Thursday, December 27, 2012

Latest Healing Revelations about Autism

In recent days I have experienced two very liberating revelations about autism.  First of all, I was speaking to a close friend who has major medical problems.  Her blood clots don't fall into any of the standard causes for blood clots.  Thus, even the world's top medical specialists cannot identify the sources of her blood clots.

I think that my situation is similar with regard to autism.  I think that the reason the system never diagnosed or identified my autism is that I don't fit the standard profile for a person with this neurological condition.  I believe that autism is a neurological difference and not a disorder, defect, or syndrome.    Not autistic people graduated from Ivy League colleges in the 1990's, and even fewer autistic people are highly verbal like me.

Once I realized why the system was unable to diagnose my autism, I began to heal from the traumatic effects of my past in the job world.  I realized that the system didn't mean to hurt or destroy me.  It simply lacks the tools needed to diagnose and help me.  Society has good intentions toward me and wants to help me but simply doesn't know how to do so. 

My mother figured out that I had autism, then known as Asperger's, in 2002.  I figured out that I am autistic in early 2011.  I was officially diagnosed with Asperger's in January, 2012.  And once I received the diagnosis, I was immediately pressured to return to an office job.  The professionals in the field tried to convince me to work in another office job with two changed conditions:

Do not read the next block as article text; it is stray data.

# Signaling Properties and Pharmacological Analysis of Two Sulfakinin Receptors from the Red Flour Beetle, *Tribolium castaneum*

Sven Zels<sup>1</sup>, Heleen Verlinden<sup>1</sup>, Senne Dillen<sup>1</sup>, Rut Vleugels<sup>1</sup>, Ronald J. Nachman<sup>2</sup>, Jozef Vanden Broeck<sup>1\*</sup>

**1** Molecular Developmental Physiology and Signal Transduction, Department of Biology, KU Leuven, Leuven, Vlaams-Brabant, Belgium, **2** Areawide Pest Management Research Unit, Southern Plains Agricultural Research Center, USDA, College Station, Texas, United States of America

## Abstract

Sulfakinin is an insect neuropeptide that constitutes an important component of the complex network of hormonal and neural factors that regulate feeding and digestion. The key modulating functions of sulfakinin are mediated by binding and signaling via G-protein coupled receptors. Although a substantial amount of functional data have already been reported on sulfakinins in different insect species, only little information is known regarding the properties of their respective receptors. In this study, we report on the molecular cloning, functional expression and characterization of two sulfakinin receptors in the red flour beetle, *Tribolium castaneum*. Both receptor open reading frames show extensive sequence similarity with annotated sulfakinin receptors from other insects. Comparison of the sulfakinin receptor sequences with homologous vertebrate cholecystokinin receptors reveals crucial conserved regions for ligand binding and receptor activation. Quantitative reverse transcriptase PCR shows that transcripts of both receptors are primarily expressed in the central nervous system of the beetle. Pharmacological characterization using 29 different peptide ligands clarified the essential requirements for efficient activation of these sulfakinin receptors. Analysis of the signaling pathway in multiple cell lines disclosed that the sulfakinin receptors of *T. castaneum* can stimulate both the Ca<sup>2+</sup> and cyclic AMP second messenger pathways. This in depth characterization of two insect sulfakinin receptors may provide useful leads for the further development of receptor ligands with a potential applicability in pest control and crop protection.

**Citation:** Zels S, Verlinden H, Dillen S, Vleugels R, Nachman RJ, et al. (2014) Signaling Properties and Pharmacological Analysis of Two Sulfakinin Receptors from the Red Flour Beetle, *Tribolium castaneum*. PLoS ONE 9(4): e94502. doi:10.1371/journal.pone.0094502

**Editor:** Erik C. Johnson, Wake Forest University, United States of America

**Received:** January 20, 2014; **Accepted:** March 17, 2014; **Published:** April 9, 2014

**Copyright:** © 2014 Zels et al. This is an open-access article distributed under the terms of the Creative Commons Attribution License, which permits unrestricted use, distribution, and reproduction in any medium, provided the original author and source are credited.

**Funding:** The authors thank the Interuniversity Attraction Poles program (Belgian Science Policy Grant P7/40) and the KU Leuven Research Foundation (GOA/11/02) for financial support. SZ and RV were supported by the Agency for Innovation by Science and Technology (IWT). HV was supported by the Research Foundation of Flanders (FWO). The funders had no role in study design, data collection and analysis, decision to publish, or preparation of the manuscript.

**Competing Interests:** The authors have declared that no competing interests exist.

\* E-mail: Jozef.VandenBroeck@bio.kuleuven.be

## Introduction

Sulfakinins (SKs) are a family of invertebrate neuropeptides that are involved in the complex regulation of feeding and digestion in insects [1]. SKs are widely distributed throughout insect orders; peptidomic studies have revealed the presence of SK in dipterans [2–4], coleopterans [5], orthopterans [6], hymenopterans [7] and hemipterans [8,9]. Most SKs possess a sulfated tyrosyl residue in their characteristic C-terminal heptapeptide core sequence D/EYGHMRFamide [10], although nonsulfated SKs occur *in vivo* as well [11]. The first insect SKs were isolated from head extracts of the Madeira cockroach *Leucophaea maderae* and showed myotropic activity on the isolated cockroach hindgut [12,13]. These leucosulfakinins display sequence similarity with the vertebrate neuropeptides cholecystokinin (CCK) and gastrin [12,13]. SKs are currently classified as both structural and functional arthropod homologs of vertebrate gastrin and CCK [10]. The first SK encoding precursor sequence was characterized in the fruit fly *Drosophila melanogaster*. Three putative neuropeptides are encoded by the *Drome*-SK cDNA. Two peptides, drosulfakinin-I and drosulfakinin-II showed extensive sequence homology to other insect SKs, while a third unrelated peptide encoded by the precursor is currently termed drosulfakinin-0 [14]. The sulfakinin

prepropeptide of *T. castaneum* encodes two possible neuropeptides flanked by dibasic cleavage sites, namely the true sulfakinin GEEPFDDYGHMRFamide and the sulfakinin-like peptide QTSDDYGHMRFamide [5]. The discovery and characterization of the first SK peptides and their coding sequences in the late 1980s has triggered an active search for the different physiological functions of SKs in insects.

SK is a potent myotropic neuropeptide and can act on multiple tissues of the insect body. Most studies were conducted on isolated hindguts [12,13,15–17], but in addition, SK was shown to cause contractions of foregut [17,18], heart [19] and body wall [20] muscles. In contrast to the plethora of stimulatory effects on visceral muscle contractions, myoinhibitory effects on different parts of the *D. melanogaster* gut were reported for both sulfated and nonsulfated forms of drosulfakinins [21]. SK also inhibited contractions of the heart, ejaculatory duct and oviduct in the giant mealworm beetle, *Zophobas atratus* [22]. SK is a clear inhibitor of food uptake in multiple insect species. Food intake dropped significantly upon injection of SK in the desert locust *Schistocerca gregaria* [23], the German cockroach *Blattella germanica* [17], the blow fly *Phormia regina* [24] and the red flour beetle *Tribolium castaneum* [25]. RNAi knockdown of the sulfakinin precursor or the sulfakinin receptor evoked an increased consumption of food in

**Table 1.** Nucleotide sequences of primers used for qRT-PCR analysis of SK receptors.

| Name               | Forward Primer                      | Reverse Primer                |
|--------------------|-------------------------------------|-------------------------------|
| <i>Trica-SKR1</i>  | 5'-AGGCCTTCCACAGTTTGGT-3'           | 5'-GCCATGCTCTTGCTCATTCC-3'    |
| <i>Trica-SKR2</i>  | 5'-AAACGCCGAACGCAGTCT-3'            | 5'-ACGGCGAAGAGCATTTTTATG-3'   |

1.  Instead of interviewing for a job in the competitive marketplace without disclosing my condition to employers, I would interview for a job with an employer who is aware of my condition and willing to hire and promote an autistic person.  The interview process would be supervised by an organization that specializes in employing autistic people.

2.  Once I got a job, I would receive the support of a job coach who would explain to me how to handle social situations and help me resolve social conflicts and misunderstandings with my boss and colleagues.

This solution sounds nice on paper, but unfortunately it doesn't take into account several important factors which are specific to my case.  One, in the past fifteen years, I have tried to earn a living in three different socially driven fields without success: international relations, business, and tax accounting.  In all three cases, I found that the social demands of the job were impossible for me to meet, and I ran into the same basic obstacle: a lack of social skills. 

Two, I am severely traumatized by a pattern of repeated rejection in the office world.  As a result, I have come to realize that office jobs are simply not for me, and that even changing the conditions of my office employment would not do anything to ease my fears about working in an office. 

The basic problem is that the system is suggesting a standard solution to a complex problem for me.  Having placed me in the autism box, they are now trying to convince me to accept the standard treatments for autism.  These solutions include social skills training and office-based employment with a job coach.  These solutions may work for some autistic people, but I know instinctively that such approaches are totally unsuitable for me.